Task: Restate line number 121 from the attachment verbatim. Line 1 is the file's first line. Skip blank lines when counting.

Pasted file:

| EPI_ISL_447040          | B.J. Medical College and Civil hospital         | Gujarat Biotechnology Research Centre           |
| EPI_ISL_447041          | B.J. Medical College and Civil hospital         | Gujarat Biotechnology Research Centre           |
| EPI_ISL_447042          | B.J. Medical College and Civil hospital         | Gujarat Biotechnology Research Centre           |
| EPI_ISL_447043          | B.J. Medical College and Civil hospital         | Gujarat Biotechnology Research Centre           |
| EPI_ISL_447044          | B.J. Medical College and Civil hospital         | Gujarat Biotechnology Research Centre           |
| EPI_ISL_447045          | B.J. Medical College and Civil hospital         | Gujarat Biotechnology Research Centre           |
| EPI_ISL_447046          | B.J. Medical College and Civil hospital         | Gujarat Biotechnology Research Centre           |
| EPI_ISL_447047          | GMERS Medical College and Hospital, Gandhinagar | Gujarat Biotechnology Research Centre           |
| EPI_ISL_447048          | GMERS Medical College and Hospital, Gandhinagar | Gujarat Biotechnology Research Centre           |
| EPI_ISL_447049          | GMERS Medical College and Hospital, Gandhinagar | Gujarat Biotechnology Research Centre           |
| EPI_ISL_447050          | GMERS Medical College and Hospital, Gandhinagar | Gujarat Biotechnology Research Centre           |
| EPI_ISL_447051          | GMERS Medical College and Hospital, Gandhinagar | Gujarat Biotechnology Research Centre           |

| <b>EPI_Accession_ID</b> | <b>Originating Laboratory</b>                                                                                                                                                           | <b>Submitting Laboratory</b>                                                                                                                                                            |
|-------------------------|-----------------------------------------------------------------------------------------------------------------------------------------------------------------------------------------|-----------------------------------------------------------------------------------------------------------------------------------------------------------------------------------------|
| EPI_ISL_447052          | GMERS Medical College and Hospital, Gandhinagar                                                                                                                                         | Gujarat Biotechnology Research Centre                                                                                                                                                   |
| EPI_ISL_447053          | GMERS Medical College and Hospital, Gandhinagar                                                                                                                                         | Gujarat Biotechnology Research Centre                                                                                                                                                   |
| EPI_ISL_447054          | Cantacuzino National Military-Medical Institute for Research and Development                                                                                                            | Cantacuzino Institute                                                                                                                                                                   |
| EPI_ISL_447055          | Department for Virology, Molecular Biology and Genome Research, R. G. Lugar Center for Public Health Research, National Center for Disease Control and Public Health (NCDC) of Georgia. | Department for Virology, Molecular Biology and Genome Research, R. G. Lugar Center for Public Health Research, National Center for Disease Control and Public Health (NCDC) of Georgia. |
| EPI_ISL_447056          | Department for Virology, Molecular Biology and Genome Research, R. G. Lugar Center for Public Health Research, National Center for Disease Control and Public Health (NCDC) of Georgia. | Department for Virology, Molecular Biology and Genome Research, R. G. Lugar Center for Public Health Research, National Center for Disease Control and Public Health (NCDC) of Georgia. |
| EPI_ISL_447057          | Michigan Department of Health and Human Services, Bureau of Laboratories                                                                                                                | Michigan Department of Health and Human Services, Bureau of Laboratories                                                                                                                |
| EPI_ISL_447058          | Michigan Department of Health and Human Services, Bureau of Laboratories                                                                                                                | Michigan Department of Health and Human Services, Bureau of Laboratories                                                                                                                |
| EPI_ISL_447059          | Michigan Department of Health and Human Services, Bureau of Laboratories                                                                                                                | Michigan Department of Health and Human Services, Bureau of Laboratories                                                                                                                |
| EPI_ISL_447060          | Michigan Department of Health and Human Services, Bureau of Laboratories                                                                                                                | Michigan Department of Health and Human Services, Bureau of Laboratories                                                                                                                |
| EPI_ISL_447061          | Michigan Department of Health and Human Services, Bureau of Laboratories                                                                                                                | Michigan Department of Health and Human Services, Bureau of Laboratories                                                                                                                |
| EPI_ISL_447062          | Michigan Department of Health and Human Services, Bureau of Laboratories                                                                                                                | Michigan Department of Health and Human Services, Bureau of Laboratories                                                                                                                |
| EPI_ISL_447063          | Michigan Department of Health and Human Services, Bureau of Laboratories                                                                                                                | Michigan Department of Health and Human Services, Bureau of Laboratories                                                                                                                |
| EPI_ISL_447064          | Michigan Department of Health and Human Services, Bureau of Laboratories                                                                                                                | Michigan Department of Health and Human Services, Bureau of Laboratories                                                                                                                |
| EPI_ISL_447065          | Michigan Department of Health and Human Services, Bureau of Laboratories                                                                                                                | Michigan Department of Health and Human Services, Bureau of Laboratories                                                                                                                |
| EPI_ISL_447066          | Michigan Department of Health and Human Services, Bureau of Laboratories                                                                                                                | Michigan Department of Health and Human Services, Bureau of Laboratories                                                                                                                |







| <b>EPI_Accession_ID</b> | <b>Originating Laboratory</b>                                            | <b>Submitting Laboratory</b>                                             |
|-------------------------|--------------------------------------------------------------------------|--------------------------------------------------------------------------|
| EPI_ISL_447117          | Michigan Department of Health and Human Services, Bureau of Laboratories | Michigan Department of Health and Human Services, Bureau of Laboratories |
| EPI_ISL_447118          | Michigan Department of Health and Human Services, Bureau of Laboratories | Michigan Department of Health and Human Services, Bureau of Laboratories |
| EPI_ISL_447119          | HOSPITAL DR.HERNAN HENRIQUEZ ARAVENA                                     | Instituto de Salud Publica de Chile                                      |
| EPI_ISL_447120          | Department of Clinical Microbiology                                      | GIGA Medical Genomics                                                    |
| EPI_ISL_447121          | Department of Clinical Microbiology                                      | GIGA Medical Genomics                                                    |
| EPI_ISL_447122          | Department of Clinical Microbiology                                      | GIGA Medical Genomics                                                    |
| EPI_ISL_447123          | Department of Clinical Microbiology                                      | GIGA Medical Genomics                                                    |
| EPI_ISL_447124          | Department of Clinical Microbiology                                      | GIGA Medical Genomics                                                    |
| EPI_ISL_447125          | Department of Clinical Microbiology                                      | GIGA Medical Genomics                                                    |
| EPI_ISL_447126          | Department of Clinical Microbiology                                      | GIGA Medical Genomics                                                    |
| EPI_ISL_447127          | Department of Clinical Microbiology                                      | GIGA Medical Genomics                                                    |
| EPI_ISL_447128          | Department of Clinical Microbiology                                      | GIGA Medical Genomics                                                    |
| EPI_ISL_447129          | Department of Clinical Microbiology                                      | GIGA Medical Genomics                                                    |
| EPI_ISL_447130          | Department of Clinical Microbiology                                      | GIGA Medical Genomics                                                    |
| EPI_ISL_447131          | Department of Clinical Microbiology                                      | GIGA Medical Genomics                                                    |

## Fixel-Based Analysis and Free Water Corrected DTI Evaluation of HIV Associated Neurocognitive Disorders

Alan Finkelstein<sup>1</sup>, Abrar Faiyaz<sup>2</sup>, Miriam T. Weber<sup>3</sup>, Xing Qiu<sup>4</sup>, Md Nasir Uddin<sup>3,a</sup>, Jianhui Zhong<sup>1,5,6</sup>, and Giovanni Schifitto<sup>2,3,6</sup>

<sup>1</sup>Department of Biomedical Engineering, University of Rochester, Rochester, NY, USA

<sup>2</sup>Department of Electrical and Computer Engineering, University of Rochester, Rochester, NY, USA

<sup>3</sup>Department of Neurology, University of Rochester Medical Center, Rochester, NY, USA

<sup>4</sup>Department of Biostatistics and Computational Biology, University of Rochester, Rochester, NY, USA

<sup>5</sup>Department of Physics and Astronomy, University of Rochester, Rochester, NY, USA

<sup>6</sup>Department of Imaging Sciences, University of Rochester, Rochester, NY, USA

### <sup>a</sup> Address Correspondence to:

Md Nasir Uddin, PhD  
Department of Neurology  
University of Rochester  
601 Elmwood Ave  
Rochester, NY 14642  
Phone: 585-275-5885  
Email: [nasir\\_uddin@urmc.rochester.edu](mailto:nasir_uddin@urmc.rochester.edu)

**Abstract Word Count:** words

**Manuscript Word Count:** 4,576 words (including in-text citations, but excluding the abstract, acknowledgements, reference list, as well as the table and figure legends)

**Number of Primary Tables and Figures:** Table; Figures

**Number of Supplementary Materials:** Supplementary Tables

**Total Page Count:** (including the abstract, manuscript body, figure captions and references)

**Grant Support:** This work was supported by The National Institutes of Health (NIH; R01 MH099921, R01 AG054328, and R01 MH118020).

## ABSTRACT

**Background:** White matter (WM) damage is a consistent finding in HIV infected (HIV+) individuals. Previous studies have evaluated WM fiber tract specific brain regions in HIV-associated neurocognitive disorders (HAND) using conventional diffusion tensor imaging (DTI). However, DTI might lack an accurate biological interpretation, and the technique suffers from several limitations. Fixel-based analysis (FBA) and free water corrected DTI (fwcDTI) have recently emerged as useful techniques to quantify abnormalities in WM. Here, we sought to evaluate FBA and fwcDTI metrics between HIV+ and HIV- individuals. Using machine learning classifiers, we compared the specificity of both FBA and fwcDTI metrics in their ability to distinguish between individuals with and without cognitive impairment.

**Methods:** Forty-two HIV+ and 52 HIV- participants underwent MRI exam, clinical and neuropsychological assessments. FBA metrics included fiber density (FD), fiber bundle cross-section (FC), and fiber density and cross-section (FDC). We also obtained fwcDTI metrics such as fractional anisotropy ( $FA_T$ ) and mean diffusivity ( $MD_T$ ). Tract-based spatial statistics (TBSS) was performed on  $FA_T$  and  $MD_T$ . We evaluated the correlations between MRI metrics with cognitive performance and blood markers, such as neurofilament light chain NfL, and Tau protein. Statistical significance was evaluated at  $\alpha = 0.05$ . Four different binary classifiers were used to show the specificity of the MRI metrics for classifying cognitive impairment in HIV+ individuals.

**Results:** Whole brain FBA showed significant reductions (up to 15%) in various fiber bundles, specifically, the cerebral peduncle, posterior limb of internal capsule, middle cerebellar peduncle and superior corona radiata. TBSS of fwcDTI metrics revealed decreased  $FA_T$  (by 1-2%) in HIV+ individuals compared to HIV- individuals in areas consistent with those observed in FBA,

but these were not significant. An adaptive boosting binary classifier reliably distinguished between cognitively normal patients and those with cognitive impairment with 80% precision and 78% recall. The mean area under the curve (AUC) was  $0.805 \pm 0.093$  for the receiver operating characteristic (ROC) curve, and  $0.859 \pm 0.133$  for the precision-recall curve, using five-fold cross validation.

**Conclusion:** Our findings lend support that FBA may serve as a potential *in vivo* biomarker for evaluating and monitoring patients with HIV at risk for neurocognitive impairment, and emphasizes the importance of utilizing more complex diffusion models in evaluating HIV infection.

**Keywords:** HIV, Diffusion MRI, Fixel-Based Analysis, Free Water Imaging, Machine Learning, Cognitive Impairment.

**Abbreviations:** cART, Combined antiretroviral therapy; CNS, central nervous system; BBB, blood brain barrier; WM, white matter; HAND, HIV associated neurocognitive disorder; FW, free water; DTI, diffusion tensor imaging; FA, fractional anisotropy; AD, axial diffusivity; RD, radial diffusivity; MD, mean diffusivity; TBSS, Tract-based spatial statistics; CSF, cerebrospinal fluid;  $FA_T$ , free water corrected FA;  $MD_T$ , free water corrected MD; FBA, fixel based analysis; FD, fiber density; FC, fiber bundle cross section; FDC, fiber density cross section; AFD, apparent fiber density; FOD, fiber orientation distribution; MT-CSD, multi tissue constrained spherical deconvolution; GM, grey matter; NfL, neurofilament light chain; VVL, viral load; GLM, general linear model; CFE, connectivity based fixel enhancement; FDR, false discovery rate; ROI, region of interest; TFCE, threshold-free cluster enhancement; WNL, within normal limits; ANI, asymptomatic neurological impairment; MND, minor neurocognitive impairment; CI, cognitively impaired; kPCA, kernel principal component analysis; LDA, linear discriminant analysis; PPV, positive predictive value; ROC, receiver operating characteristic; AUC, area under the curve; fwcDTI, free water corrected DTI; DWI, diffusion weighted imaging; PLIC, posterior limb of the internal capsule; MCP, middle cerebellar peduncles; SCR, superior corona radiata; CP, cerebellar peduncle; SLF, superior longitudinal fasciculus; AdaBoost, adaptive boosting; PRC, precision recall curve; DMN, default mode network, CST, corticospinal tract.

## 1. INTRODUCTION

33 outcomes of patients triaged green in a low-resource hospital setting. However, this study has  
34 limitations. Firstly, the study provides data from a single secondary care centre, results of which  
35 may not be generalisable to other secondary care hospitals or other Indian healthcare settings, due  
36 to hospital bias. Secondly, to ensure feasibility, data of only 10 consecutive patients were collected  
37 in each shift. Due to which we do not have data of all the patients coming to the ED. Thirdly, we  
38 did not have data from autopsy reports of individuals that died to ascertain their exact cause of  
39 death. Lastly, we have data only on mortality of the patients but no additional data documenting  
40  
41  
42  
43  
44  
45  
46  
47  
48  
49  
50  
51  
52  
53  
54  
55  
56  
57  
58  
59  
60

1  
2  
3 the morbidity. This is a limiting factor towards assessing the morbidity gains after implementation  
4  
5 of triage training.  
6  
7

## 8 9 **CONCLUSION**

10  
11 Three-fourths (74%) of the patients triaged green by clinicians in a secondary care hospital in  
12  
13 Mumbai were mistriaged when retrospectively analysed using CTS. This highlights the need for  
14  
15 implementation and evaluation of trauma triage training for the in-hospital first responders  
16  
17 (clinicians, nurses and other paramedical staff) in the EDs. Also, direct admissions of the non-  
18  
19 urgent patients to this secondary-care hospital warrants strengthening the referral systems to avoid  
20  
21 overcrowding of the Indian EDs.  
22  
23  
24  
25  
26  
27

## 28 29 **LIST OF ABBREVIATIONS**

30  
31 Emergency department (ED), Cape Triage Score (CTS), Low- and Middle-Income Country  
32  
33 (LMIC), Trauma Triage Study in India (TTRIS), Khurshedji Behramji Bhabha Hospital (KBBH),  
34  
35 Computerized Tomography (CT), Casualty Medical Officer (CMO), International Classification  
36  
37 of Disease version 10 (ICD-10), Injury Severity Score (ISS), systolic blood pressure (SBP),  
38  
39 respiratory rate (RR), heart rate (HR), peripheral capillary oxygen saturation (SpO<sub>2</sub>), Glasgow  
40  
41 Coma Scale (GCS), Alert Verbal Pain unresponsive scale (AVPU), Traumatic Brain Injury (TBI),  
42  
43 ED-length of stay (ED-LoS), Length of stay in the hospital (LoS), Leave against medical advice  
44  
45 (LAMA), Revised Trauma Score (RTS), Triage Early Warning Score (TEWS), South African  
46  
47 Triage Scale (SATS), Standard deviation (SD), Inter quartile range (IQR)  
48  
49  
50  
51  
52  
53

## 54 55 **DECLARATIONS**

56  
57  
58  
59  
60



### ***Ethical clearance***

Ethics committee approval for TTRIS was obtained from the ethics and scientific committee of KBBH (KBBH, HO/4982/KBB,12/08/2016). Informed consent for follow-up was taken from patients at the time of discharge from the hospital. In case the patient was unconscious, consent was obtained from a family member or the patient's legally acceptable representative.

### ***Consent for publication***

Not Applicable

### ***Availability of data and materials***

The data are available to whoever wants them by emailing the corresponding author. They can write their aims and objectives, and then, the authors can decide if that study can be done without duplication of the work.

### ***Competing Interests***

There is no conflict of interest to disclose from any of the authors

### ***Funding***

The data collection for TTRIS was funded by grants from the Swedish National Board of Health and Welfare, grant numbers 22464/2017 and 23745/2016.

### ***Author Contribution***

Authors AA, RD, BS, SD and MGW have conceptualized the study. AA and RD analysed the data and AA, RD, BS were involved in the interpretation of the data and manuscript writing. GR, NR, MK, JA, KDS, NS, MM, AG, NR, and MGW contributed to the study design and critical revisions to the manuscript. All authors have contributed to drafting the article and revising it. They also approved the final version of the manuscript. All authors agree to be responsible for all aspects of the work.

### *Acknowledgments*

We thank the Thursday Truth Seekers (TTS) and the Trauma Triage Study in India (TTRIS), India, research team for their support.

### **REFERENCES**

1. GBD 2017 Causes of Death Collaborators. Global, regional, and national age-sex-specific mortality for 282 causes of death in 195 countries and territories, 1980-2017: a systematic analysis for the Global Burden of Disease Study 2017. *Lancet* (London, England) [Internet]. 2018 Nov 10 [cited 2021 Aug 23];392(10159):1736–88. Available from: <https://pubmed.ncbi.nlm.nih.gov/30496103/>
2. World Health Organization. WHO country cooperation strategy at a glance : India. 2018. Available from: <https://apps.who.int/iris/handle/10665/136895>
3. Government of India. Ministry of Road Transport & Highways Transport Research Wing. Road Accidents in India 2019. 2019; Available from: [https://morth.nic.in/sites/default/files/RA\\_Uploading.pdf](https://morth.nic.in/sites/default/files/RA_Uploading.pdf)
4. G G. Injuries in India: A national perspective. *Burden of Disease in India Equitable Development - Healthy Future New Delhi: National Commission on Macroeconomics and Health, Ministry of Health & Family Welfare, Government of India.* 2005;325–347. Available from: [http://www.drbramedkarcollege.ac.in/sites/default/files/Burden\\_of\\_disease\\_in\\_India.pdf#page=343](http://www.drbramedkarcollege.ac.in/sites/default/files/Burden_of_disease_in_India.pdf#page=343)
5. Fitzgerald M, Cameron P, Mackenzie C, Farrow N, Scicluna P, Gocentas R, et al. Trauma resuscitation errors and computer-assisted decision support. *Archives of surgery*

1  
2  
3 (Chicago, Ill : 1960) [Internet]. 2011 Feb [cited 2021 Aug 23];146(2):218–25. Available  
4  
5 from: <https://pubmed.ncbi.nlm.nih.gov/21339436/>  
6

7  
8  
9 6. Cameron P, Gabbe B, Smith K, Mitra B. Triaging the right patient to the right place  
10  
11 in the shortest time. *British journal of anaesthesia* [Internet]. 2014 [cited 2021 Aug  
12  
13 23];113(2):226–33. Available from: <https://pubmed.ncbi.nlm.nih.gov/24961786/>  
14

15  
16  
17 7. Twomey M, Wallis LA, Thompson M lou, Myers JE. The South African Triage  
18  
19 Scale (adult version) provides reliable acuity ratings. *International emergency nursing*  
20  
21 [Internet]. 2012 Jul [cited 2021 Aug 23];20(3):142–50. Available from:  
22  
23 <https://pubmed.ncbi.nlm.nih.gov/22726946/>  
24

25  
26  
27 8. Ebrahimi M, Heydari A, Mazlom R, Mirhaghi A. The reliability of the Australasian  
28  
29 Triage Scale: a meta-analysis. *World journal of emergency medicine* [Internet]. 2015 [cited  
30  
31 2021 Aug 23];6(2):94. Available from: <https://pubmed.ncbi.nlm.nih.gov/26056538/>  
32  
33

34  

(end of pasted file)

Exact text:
17 (clinicians, nurses and other paramedical staff) in the EDs. Also, direct admissions of the non-  